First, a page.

Phil v’s EDM tripod at Rhicullen
There were also two groups to visit wile ‘up north’ the first near Strathpeffer is a group wishing to adopt the Fairy Stone. This is not a rock with fairs on but a heavy decorated cup marked stone which the Strathpeffer Initiative are making more assessable. The second adoption is a cairn complete with another cup marked stone overlooking the Cromarty firth on the Blackisle.
John (NOSAS) and Cara admiring the Cairn at Mulchaich Farm

The main interest here is defiantly the setting but the cairn is also associated close to some post medieval structures and a large ‘pond’. Rather than dwellings these are thought to form a distillery and one is known historically from the area. It was interesting for me to see what a legal site looks like as most of the sights in this part of the world, from this time, are illicit stills on a tiny scale. You may have to restrain yourself for a little wile but NOSAS (north of Scotland archaeology society) will have the site up and running with a new track soon.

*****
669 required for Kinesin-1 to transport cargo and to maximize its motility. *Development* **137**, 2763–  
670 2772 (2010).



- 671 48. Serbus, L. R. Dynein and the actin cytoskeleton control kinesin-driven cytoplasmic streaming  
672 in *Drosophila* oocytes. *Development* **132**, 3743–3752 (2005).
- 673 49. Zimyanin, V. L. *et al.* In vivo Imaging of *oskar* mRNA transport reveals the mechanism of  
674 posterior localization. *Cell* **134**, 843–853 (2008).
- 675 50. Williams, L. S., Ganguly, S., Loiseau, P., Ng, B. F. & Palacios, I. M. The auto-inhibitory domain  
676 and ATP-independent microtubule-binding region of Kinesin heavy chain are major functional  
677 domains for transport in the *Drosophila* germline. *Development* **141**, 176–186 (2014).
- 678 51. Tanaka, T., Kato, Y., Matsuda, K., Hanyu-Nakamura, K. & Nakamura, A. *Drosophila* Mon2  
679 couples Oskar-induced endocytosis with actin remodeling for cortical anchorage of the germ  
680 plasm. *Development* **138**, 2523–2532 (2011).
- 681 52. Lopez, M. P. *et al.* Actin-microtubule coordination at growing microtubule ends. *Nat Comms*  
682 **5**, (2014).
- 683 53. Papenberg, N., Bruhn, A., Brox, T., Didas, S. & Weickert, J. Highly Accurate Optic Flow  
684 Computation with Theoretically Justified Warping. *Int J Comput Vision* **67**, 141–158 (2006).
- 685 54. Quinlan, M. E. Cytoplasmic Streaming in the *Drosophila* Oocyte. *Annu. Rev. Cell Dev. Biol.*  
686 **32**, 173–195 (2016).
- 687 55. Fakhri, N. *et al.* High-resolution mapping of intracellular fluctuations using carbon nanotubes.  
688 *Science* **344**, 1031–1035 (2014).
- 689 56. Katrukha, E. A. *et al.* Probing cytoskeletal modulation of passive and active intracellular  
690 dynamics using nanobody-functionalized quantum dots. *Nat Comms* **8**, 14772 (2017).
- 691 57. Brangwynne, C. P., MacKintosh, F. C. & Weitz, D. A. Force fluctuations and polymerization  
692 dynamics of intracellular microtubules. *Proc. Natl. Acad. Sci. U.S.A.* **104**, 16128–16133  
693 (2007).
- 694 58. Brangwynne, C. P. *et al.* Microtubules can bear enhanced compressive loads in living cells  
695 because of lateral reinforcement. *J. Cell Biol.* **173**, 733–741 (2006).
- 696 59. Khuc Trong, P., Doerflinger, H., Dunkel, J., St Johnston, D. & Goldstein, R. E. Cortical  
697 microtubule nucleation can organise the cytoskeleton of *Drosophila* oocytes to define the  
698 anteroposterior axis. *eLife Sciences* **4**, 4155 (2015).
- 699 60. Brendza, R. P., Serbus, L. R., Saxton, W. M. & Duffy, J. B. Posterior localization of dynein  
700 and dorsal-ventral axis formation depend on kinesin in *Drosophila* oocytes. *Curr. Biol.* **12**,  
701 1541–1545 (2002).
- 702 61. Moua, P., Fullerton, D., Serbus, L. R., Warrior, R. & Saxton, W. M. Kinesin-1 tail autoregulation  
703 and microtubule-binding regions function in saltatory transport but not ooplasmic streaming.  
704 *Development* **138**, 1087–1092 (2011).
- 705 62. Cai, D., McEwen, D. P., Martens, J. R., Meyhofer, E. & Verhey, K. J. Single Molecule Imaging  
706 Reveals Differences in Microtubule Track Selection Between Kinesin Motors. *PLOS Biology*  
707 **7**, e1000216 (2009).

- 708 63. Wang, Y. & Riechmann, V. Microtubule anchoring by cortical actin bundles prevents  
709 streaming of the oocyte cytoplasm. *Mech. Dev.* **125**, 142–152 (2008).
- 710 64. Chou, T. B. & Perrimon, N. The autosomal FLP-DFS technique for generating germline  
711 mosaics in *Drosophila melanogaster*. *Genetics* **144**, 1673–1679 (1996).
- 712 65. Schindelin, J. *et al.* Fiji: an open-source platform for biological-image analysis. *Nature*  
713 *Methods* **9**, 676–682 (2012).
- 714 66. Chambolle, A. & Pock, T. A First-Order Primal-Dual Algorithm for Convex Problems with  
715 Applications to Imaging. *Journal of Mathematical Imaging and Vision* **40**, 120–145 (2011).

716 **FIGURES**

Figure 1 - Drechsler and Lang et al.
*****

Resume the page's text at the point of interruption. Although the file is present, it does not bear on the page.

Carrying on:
We also had one other important meeting on Saturday (apart from the HAF conference) and this was with Richard from For the Right Reasons. This is a charity working in Merkinch (a quite deprived area of Inverness). For the right reasons primarily helps thoughts who have suffered with drug and alcohol addiction ( and we hope to get a whole cross section of the Merkinch population involved in some archaeology. Over the next few months we are going to try and update ‘Merkinch Revisited’ (a book) as well as teach residence some new skills and record some of the areas important buildings. This is a rather undervalued bit of Inverness with an interesting history, I’m not sure I agree with Merkinch Revisteds authors that it was the site of a Roman Fortress but who knows what other exiting things we shall find when we go hunting in the archive.

Just one of many exciting feature in the Merkinch

Tuesday, 18 October 2011

A Dendrochronology Adventure